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Treasures: Bargain Of The Millennia
Contributor Two Contributor Two
When you are three generations deep in church ministry, you are sure to possess Bibles of all versions, sizes and levels of wear and tear. My first was a small, white leatherette King James Version. It was lightweight and bendable, and it rode our yellow Thomas school bus to Anderson Elementary, Dillard Junior High and Bartlett Yancey High. Its edges are now dry and yellowing, but I still feel a sense of awe when I touch the pages. This is my story, my history.

While most of you know this already, allow me a few highlights of the journey this Book has taken. Though scholars do not agree on every historical detail, all agree on the enduring, transformative power of it.

From the oral traditions of the Hebrews to the biblical scrolls and the apostolic letters, the gospel has withstood generations of adversity. Following the atrocious persecutions of Christians during the first and second centuries, the Edict of Milan was signed by Constantine and Lucinius around 313, proclaiming religious freedom in the Roman Empire. By 324, Constantine the Great had converted to Christianity.

In an effort to unify the early Christian communities (and perhaps wield some control over the new religion), Constantine commissioned the Council of Nicaea in 325. All 1,800 bishops were invited to address some of the key issues of discrepancy. Out of this meeting came the familiar “Nicene Creed” and the eventual compilation of the books that we know as the Holy Bible.

By 600 A.D., priests of the organized Church decided that they, alone, should interpret the scriptures, enabling them to manipulate what the people believed. Since only priests were educated in Latin, they declared the scriptures in any other language illegal and punishable by execution. This allowed them to sell indulgences and to absolve sins in exchange for money.

Throughout this dark period there emerged remnants of the true Christian faith, groups who opposed the organized Church and worked in secret to return the language manuscripts to the people. In 1385, Oxford scholar, professor and theologian John Wycliffe translated the scriptures from Latin to produce the first English Bible. These were handwritten transcripts, painstakingly produced.

In Germany, more than a century later, Martin Luther railed against the sale of indulgences by the Church, insisting that true justification came only by faith. On October 31, 1517, he delivered his famous Ninety-Five Theses, which condemned the deceptive doctrines. Excommunicated from the Church, he completed a German translation of the Bible shortly afterward, written in a vernacular that was easy for the people to understand.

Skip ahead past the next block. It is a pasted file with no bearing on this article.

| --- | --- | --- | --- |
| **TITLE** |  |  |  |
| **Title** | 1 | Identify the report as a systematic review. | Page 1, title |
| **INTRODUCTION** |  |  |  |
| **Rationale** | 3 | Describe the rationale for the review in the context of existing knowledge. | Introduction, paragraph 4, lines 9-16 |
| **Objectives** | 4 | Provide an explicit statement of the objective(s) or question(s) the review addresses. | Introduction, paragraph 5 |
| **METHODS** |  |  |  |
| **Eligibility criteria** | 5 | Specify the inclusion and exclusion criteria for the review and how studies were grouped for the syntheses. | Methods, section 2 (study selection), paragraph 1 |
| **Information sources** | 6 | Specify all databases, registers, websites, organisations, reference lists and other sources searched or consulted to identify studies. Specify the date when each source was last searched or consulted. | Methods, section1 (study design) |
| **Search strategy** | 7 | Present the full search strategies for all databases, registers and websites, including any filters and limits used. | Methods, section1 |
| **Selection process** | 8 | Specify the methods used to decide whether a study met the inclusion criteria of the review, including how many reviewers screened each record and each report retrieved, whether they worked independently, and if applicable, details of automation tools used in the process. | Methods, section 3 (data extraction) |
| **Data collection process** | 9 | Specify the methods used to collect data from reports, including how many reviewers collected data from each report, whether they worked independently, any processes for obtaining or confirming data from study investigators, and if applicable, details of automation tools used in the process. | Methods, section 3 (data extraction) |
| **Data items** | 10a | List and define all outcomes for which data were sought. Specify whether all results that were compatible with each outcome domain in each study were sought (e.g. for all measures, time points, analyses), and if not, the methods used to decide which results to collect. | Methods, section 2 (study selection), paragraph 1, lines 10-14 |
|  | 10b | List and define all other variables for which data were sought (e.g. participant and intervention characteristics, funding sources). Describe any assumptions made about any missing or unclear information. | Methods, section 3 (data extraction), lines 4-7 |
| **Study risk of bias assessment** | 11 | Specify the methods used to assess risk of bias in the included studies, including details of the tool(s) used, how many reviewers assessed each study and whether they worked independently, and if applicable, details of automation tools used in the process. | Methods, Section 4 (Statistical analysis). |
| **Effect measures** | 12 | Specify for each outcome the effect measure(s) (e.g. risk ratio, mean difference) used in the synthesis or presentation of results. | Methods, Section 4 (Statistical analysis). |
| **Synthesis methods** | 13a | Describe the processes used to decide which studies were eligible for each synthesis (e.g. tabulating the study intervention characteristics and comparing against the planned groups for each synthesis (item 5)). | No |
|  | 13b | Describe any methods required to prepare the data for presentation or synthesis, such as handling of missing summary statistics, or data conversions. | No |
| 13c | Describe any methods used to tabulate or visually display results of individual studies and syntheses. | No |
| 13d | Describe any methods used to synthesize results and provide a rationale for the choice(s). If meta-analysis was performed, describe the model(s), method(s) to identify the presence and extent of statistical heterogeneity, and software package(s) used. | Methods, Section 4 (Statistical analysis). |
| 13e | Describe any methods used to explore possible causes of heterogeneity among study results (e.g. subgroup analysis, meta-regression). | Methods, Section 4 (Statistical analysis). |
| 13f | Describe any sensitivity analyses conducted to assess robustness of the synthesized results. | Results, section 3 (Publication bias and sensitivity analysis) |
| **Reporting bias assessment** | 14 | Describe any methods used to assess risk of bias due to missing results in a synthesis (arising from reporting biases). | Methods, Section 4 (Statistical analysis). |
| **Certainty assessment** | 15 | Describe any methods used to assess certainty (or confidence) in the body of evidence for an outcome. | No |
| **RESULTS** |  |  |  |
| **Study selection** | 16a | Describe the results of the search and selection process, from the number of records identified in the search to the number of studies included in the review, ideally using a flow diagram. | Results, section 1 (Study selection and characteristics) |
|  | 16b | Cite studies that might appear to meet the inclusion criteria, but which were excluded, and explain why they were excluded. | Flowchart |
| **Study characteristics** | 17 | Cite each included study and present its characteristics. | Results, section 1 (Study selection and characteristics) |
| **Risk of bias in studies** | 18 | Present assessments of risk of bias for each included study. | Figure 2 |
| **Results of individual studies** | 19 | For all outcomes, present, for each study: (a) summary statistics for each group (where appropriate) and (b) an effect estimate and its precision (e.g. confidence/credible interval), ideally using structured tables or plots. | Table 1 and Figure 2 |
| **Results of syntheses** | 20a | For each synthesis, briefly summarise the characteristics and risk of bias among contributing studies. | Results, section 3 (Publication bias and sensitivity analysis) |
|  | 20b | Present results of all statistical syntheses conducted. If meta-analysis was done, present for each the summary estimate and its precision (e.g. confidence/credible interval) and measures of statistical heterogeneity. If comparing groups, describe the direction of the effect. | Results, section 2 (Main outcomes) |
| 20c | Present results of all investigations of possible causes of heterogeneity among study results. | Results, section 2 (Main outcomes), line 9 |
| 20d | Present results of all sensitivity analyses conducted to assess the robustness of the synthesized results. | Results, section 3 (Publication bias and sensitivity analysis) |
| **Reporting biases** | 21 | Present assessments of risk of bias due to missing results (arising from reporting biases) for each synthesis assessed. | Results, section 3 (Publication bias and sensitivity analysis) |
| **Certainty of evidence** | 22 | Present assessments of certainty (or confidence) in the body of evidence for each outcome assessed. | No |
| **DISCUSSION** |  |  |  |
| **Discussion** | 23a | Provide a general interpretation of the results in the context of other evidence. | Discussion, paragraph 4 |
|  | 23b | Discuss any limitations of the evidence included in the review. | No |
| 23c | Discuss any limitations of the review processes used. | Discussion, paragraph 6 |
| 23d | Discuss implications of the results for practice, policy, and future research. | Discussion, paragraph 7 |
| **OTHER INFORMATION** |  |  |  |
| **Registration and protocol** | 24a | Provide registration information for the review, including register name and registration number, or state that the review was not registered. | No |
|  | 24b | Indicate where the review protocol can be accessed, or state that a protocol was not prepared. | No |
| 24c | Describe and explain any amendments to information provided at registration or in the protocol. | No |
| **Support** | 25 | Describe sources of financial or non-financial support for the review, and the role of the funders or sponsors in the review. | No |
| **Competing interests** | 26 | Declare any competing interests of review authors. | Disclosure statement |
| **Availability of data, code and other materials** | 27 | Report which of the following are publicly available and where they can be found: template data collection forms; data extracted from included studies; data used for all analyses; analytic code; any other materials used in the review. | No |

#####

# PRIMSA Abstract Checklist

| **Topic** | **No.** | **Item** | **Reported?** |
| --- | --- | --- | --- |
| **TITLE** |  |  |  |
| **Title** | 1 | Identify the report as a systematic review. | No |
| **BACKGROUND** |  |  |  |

William Tyndale produced the first English translation from the Hebrew and ancient Greek texts. Because of the invention of the printing press, his translations were widely distributed and played a key role in the Reformation. He was arrested for heresy in 1535 and executed the following year. Our own King James Version drew significantly from Tyndale’s work.

In the 1450s, the Gutenberg Bible became the world’s first major book ever produced on a printing press. In 1847, James Lenox of New York City purchased one of the Bibles, making it the first to arrive in our United States. It is said that the officers at the U.S. Customs House removed their hats upon seeing it.

The third official English translation of the Bible was commissioned by King James VI of Scotland and I of England in 1604. Forty-seven scholars translated the Old Testament from Hebrew and the New Testament from Greek, resulting in our familiar King James Version.

The passage from the oral traditions of the early Hebrews to the white leather versions of our youth has been long, yet this remains our starting point. For it is through this inspired, spoken, written, translated, printed Word that we know Him. This story is our story. This is chapter one; ground zero for what we believe.

The price of a complete Gutenberg Bible today is estimated to be between 25 and 35 million dollars. Considering the incalculable cost, that is a bargain.